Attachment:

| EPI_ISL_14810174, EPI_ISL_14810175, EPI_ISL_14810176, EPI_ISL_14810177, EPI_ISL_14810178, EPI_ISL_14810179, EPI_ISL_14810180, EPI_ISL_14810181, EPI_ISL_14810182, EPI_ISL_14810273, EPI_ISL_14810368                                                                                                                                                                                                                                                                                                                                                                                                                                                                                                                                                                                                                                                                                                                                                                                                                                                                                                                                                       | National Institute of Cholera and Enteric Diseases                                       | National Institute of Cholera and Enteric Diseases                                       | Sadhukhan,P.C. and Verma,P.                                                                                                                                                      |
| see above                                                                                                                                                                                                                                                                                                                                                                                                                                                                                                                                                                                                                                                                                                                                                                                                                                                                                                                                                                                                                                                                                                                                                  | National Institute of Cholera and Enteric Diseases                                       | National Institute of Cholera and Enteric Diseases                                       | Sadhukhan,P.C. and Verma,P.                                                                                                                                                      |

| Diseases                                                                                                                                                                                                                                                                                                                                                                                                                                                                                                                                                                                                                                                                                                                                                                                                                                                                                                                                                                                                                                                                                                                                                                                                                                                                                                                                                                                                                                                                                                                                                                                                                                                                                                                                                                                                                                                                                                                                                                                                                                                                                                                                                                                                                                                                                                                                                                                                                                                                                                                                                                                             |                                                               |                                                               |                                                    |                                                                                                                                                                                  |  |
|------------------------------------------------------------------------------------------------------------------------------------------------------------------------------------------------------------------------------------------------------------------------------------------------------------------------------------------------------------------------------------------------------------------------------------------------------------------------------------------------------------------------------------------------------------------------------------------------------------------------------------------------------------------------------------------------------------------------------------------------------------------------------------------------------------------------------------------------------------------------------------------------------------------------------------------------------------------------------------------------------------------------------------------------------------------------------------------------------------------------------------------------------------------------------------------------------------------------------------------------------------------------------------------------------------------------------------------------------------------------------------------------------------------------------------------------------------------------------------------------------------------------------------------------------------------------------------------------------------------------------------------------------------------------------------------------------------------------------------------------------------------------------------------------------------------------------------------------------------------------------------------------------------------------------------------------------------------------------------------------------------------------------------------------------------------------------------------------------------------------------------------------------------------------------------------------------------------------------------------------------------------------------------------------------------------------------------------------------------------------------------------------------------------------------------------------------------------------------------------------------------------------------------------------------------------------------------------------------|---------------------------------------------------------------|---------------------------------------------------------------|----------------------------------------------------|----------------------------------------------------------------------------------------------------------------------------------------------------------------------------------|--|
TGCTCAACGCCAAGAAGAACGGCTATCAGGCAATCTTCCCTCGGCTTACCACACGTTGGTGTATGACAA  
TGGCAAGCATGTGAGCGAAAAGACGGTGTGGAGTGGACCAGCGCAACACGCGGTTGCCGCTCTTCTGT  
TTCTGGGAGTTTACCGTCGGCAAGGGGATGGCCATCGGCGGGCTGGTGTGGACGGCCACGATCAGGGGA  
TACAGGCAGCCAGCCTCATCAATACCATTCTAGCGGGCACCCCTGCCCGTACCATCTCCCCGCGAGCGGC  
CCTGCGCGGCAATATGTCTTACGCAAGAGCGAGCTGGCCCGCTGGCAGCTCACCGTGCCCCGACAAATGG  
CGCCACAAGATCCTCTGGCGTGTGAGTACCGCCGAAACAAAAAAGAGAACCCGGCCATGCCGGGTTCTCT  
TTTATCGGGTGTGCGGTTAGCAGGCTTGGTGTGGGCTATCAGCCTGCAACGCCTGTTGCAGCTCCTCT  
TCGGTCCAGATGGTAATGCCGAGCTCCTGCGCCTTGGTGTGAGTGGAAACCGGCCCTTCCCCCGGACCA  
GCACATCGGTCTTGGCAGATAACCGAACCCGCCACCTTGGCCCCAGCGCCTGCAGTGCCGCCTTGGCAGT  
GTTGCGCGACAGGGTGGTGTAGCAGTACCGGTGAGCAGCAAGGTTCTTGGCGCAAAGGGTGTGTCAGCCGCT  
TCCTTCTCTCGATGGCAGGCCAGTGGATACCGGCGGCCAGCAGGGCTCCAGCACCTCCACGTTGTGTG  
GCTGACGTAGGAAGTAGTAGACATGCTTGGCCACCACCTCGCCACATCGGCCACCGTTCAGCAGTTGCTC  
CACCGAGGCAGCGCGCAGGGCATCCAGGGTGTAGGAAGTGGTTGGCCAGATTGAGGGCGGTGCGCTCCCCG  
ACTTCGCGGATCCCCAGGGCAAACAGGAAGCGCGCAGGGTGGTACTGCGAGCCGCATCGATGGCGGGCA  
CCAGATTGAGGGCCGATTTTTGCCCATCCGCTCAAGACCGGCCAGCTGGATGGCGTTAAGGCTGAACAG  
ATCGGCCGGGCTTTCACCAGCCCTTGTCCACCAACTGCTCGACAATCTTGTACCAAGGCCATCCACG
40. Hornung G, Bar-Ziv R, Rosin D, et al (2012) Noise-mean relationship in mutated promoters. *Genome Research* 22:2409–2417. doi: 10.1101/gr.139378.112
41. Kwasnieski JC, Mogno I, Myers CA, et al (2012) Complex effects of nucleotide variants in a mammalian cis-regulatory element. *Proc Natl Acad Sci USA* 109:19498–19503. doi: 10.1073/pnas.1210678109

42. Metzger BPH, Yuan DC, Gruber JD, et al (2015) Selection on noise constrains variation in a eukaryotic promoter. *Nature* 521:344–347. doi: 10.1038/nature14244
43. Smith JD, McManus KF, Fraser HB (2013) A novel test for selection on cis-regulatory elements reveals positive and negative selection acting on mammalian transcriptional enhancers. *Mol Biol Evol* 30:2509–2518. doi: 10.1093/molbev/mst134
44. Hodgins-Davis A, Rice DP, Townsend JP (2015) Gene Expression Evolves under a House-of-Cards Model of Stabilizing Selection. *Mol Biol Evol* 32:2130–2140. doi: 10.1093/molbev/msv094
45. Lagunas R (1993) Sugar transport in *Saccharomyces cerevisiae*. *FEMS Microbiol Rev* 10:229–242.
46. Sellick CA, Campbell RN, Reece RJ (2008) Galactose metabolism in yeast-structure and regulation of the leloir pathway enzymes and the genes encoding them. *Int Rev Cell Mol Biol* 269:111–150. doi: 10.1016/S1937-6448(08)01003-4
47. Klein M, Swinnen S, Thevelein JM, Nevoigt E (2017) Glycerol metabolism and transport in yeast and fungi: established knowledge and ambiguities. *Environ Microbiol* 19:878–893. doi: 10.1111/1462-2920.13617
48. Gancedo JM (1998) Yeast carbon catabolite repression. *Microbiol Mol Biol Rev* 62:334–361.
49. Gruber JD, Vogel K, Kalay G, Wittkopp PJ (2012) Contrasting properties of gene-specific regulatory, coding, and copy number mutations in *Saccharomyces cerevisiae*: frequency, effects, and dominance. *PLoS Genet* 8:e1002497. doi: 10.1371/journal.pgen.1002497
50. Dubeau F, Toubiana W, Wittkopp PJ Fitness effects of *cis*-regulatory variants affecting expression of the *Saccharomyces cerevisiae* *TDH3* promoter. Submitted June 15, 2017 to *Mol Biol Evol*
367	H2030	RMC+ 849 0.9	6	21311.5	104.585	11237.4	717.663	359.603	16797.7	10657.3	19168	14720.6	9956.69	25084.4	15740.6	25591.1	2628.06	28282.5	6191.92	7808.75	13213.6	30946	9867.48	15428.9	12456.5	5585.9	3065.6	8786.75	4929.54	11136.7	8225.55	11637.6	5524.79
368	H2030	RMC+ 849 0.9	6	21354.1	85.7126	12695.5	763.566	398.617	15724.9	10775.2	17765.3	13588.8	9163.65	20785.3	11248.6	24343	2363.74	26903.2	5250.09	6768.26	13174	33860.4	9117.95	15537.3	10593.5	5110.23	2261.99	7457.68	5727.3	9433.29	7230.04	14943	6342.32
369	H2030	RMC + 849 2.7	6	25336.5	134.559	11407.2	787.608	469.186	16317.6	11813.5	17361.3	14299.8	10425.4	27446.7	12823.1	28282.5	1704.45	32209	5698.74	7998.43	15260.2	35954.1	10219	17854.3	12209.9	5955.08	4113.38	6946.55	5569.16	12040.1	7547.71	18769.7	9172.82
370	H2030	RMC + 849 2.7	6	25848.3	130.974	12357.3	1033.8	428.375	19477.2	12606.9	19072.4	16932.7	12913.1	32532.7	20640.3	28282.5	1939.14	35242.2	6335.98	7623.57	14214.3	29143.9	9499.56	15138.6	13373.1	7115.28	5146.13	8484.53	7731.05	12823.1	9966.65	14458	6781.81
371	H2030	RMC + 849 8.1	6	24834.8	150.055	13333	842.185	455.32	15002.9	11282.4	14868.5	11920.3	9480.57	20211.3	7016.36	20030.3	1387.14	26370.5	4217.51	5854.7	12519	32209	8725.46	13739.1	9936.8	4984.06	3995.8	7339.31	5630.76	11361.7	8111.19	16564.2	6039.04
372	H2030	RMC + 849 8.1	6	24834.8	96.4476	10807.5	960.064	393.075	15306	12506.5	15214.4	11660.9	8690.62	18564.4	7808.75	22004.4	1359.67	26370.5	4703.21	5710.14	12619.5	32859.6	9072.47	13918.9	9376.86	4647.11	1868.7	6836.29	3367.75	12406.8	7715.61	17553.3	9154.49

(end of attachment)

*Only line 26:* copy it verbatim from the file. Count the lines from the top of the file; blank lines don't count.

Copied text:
45. Lagunas R (1993) Sugar transport in *Saccharomyces cerevisiae*. *FEMS Microbiol Rev* 10:229–242.